The Politics of Sex Trafficking: A Moral Geography (Critical Criminological Perspectives)
Erin O'Brien, Sharon Hayes, Belinda Carpenter
Format: PDF / Kindle (mobi) / ePub
This book offers a unique insight into the moral politics behind the making of human trafficking policy in Australia and the United States of America. As governments around the world rush to meet their international obligations to combat human trafficking, a heated debate has emerged over the rights, wrongs, and harms of prostitution, and its relationship to sex trafficking.
The Politics of Sex Trafficking identifies and challenges intrinsic notions of moral harm that have pervaded trafficking discourse and resulted in a distinctly anti-prostitution agenda in trafficking policy in recent decades. Including rare interviews with key political actors, this book charts the competing perspectives of feminist, faith-based, and sex-worker activists, and their efforts to influence policy-makers. This critical account of the creation of anti-trafficking policy challenges the sex trafficking narrative dominant in US Congressional and Australian Parliamentary hearings, and demonstrates the power of a moral politics in shaping policy.
This book will appeal to academics across the fields of criminology, criminal justice, law, human rights and gender studies, as well as policy-makers.
a major problem. Vincent McMahon from the Department of Multicultural and Indigenous Affairs suggested to the Senate Inquiry that figures had been escalated due to the United States’ annual Trafficking in Persons (TIP) Report’s declaration that Australia had more than 100 trafficking victims. Only countries with more than 100 trafficking victims are included in the United States’ TIP Report, which results in increased US scrutiny of nation states’ attempts to combat the crime of trafficking. In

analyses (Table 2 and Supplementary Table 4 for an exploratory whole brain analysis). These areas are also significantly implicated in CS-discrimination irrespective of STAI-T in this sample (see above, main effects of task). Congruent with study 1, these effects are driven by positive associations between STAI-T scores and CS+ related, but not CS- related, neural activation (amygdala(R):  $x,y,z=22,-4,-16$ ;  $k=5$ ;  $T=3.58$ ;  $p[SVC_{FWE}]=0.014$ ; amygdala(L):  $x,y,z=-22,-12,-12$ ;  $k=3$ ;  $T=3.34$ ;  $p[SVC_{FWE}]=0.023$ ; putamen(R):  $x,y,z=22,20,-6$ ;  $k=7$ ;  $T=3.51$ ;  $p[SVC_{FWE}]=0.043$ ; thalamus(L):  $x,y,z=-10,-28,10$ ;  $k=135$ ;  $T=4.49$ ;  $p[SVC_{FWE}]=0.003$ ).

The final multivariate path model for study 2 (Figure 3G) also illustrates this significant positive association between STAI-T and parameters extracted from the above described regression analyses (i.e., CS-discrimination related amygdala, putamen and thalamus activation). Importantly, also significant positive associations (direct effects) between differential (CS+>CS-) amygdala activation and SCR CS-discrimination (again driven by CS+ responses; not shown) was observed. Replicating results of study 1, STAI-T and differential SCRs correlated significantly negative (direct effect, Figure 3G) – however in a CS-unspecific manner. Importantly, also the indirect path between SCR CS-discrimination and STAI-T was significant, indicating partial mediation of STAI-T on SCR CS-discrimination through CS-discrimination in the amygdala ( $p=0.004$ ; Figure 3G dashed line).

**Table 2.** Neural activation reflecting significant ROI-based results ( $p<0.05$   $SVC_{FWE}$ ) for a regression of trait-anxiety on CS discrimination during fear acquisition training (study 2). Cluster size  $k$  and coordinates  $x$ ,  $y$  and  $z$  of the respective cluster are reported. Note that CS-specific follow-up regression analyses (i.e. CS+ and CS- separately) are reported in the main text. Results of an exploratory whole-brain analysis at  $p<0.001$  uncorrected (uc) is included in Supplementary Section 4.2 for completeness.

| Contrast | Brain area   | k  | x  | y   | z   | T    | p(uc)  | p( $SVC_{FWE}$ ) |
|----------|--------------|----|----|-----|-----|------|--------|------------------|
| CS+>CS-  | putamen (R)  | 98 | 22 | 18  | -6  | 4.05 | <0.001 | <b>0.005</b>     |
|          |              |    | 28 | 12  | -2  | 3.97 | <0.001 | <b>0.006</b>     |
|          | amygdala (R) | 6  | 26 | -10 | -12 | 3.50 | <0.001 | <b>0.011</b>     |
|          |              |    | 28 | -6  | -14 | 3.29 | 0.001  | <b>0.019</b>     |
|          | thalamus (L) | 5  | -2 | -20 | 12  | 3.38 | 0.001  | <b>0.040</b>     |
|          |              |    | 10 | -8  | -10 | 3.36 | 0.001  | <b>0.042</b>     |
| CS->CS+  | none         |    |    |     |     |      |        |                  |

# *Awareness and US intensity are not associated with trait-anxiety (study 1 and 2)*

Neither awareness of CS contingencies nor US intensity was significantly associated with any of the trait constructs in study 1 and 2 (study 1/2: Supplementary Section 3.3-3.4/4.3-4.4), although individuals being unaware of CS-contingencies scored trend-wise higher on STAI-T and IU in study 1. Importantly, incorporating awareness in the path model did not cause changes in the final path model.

the debate when Detective Senior Sergeant Ivan McKinney expressed frustration with a system that is legal, but which still treated workers in the sex industry differently to those in other industries. He argued that when criminal justice visas have been offered to trafficking victims, the Commonwealth Attorney-General has demanded that they not engage in prostitution. McKinney suggests that: We cannot tell someone what they can do in a legal industry. It is a real conflict because we are saying
that demand was a key issue. As Fergus (2005) notes, there are differing interpretations of Article 9 142 The Politics of Sex Trafficking of the UN Trafficking Protocol which declares that nations should take measures to prevent trafficking including focusing on demand. Fergus explains: There have been two major interpretations of this word [‘demand’]. The more conservative interpretation is that states should educate men who use prostitutes to distinguish between those who have been
or not legislators fully rejected the abolitionist position. While decision-makers did not accept the policy proposals put forward by abolitionist advocates, they also refused an explicit rejection of the argument that demand must be addressed in order to prevent sex trafficking. In contrast, US decision-makers gave no attention to policy proposals supportive of a sex work perspective, and enacted several policies supportive of key assumptions within the abolitionist perspective. Policy proposals
the conditions many migrant sex workers face, as well as information about the average ‘cost’ of a contract-debt. (Parliament of Australia, APJC Hearing 25 February 2004, 23–24). The involvement of sex workers in the Parliamentary Inquiry may also have been a key factor that prevented the kind of intimidation and shaming tactics used in the United States from taking hold in Australia. If sex workers are able to speak for themselves, and are not regarded just as the ‘wolves’ of brothel owners,